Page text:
Loading ...
Sorry, an error occurred while loading the content.

Re: Affair at the Gulp House?

Expand Messages
  • josepharose
    ... and page ... sent Hooker ... they had repulsed ... As Sherman ... not ... we rode away ... such a ... gently than the ... Hooker had a ... their right
    Message 1 of 55 , Jun 4, 2006
    • 0 Attachment
      --- In civilwarwest@yahoogroups.com, keeno2@... wrote:
      >
      > In a message dated 6/3/2006 1:36:51 PM Central Daylight Time,
      > banbruner@... writes:
      > Don, thank you. After a thoughtful interlude, and weighing many
      > possibilities, I think you have nailed it. Culp vs Gulp is a
      > natural garble or typo. And the events as you related them,
      > certainly give cause and motivation (along with a long standing
      > mistrust of Hooker) for Sherman's decision not to consider him
      > (Hooker) for command of the AotT.
      > My version of Sherman's Memoirs has the Kulp House (pages 528-9
      and page
      > 560). Apparently the affair started west of Kennesaw Mt. when had
      sent Hooker
      > and Schofield to the right to skirt the mountain. Hood was ordered to
      > interdict but attacked -- twice. Hood then sent WTS a message that
      they had repulsed
      > two attacks ... ending with "Three entire corps are in front of us."
      As Sherman
      > knew Johnston had only three corps, he investigated. My version does
      not
      > mention dressing Hooker down in front of Schofield, but does say "As
      we rode away
      > from that church General Hooker was by my side, and I told him that
      such a
      > thing must not occur again; in other words, I reproved him more
      gently than the
      > occasion demanded, and from that time he began to sulk."
      > Apparently, Thomas and Hooker had previously complained that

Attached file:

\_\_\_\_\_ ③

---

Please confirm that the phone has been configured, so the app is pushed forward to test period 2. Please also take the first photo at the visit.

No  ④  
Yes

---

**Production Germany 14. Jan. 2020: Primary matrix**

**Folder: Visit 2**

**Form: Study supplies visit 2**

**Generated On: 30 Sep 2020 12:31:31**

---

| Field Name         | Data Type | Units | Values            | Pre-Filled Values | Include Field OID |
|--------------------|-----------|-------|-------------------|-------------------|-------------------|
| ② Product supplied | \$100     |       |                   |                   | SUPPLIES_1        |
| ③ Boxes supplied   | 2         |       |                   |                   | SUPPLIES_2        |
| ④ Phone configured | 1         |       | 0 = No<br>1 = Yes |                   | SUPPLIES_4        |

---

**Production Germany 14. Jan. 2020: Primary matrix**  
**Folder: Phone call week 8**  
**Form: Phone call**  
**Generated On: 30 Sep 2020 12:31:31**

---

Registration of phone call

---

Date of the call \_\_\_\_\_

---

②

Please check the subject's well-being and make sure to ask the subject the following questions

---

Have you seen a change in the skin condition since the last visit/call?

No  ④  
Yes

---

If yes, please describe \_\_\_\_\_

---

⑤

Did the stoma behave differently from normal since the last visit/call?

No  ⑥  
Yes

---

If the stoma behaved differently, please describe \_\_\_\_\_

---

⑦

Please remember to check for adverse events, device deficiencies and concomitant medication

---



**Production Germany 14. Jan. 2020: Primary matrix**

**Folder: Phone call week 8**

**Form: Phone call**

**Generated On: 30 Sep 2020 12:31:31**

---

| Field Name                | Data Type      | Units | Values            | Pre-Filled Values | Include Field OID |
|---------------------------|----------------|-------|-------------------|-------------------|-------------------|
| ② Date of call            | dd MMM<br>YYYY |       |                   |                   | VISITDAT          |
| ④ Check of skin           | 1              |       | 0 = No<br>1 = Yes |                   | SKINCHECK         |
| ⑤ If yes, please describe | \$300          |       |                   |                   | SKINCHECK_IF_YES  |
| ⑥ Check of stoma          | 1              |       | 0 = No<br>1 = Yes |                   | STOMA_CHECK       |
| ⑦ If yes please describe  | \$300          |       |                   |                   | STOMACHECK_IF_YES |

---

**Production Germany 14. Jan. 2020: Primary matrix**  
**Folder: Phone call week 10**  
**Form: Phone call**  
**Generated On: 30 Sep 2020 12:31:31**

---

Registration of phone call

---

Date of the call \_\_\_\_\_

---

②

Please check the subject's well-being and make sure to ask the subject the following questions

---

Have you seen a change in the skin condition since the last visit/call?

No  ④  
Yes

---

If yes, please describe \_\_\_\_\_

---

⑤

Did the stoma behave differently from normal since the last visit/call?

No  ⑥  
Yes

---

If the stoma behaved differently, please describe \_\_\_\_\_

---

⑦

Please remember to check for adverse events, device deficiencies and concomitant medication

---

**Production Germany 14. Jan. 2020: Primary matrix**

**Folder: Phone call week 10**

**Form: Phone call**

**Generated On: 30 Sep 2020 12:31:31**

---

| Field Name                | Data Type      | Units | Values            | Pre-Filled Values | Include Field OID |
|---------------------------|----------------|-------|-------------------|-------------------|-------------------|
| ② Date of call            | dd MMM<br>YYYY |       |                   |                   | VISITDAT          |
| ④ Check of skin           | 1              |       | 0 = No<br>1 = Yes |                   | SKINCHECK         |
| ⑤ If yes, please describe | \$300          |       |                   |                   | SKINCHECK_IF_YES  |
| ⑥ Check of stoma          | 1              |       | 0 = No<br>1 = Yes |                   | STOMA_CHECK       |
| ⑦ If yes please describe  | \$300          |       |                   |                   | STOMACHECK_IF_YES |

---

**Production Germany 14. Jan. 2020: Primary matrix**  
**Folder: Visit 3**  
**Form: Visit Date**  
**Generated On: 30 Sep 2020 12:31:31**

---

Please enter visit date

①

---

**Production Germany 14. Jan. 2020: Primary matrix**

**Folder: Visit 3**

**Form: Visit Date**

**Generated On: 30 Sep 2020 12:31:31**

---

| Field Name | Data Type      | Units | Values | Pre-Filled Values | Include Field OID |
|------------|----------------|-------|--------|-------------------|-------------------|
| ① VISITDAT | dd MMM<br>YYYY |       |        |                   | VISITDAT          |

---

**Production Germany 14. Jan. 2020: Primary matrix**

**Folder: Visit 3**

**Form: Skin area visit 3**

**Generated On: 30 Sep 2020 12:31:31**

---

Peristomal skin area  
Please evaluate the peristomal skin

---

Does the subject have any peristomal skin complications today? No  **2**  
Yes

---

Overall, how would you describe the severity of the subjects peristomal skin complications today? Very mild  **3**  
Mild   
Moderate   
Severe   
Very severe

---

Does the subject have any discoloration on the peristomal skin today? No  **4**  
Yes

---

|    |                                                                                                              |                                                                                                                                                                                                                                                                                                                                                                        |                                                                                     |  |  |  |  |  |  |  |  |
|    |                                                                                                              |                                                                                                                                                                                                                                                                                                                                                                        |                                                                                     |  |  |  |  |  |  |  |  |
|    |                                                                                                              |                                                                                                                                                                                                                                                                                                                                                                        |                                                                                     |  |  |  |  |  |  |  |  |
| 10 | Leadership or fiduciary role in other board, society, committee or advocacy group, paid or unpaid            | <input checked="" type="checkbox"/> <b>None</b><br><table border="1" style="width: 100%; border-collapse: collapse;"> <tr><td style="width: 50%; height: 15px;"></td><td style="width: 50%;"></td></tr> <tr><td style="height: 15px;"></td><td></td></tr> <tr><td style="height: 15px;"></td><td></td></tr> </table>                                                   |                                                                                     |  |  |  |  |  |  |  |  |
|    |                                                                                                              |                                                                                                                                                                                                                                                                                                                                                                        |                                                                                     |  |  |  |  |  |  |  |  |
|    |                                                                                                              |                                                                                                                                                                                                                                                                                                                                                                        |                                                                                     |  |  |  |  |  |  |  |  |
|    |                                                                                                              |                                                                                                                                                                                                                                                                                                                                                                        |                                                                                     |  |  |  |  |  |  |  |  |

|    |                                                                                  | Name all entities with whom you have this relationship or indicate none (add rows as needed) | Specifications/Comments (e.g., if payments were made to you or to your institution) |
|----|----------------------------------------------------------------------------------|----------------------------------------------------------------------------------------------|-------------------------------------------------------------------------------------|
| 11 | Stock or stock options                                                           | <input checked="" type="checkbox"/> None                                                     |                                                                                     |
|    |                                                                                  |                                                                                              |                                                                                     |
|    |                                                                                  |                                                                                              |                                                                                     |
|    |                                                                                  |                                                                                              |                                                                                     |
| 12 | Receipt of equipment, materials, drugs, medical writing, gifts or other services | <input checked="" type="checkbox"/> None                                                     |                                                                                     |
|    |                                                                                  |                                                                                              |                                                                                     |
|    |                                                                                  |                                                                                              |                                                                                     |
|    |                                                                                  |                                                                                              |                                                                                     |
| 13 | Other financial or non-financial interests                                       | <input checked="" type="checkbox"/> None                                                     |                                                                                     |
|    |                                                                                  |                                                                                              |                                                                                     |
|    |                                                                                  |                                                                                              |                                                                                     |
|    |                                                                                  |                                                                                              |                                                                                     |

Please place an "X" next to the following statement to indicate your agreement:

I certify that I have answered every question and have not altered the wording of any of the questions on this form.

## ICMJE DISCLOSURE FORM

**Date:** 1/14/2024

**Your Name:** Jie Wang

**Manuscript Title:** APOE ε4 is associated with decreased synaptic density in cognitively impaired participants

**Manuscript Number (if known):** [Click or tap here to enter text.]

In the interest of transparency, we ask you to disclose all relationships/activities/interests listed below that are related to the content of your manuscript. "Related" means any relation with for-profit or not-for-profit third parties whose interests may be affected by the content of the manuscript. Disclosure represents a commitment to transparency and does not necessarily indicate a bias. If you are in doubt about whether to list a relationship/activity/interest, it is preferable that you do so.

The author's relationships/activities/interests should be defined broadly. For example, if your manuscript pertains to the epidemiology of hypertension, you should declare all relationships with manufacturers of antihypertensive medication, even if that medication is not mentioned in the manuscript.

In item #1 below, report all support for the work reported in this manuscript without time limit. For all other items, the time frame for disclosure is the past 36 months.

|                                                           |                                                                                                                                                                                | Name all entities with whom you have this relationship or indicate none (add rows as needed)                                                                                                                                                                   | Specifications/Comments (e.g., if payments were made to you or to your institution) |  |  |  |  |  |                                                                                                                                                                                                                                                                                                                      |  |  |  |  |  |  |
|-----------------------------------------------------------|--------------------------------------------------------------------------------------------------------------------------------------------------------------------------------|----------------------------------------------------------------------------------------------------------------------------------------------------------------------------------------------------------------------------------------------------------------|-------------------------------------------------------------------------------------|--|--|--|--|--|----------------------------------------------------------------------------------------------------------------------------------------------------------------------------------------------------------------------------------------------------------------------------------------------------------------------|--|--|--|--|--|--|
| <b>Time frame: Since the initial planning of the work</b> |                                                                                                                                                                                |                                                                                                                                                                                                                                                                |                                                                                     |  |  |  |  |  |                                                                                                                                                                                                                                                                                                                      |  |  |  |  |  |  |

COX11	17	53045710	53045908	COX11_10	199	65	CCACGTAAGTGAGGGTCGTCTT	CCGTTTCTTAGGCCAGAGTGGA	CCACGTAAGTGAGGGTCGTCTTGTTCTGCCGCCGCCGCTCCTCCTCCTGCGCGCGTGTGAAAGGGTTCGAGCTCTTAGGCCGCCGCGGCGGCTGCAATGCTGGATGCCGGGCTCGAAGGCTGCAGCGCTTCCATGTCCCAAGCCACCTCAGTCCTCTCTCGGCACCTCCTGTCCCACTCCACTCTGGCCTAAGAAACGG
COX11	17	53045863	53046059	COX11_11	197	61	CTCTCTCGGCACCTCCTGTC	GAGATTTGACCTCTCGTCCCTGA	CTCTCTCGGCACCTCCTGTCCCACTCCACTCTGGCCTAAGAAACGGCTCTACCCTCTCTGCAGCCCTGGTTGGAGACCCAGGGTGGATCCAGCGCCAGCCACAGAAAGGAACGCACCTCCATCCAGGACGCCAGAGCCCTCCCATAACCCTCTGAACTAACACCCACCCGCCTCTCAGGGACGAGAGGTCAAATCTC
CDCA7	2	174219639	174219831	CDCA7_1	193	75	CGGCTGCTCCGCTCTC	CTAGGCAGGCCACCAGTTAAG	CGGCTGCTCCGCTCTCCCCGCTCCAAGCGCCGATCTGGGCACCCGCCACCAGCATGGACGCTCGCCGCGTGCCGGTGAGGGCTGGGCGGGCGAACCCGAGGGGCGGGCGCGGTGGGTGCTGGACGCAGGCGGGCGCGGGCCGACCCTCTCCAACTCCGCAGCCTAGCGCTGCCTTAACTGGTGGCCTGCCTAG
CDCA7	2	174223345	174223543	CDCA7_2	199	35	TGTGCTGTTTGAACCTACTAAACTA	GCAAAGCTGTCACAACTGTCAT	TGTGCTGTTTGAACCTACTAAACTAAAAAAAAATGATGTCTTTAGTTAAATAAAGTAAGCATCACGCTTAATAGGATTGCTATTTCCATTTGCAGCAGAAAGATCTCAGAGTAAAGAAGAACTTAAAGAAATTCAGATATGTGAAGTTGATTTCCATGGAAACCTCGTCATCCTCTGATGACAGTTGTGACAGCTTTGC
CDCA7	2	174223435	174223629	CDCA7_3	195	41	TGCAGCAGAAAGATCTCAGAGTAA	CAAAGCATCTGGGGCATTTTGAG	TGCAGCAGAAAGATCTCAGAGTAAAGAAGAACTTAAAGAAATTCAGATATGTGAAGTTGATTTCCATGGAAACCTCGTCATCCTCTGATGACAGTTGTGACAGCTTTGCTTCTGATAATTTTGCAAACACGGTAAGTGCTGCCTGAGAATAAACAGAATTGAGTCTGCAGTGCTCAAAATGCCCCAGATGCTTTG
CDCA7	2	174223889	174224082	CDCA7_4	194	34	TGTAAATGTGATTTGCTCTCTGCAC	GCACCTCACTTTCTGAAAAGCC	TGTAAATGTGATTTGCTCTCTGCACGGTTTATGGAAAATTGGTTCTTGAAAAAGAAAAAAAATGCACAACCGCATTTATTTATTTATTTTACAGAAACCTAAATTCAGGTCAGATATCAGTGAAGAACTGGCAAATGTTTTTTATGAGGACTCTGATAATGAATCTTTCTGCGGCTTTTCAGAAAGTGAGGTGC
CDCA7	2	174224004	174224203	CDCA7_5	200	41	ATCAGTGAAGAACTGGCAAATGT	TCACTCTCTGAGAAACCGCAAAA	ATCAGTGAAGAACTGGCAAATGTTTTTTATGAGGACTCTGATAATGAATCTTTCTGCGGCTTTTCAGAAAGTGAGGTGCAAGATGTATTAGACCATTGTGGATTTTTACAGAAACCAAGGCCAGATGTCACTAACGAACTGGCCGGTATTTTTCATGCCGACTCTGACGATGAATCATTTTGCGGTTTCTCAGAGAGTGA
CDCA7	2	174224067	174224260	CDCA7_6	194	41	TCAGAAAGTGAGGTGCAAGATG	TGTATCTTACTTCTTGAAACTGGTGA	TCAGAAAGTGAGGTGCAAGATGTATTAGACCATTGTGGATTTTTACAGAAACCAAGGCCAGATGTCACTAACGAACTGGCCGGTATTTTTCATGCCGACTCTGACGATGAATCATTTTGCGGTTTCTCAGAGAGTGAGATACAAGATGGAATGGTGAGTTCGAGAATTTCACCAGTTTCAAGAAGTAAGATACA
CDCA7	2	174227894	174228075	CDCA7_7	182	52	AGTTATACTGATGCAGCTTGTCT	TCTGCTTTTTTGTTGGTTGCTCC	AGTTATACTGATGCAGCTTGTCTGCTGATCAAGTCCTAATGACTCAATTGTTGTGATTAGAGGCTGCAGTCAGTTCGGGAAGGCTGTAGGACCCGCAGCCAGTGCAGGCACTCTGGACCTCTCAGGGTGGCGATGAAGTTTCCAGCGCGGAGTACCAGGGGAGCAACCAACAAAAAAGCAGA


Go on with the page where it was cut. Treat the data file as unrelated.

Hooker had a
      > tendency to drift off, in their opinion, to gain personal glory. These
      > complaints, Hooker's intimation that "they" were apprehensive of
      their right flank.
      > (Sherman knew that Schofield was on that flank.) WTS looked into it
      and found
      > Hooker to be less than truthful (Butterfield's division of Hooker's
      Corps
      > hadn't even been in on the fighting.).
      > Whether it was the sulking or the prevarications Sherman doesn't
      specify
      > -- just that after that, he wasn't too thrilled with Fightin' Joe.
      > Am reading an amusing little book by Mark Coburn: Terrible
      Innocence. He
      > refers to the affair as at Kolb's Farm. Coburn strongly intimates
      Sherman
      > "grabbed the chance to bully a man he disliked." Go figure.
      > Ken


      You noted: "Apparently, Thomas and Hooker [I assume that you mean
      Sherman or Schofield or McPherson] had previously complained that
      Hooker had a tendency to drift off, in their opinion, to gain personal
      glory."

      Have you seen where Thomas, himself, expressed such an opinion, or at
      least is there any evidence that indicates he held such an opinion?
      Sherman had put false words in Thomas' mouth concerning Kennesaw, so
      Sherman's word alone seems hardly sufficient to make any conclusions.

      Thanks,
      Joseph
    • GnrlJEJohnston@aol.com
      In a message dated 6/7/2006 12:40:04 P.M. Eastern Standard Time, clarkc@missouri.edu writes: This is an interesting view of the role of an historian. To
      Message 55 of 55 , Jun 7, 2006
      • 0 Attachment
        In a message dated 6/7/2006 12:40:04 P.M. Eastern Standard Time, clarkc@... writes:
        This is an interesting view of the role of an historian.

        To research and present data but not to interpret?

        HankC
        Yes research and present data, but if there is personal interpretation, let it be stated as so, to prevent it being taken as fact.  Is that too much to ask.
         
        JEJ
      Your message has been successfully submitted and would be delivered to recipients shortly.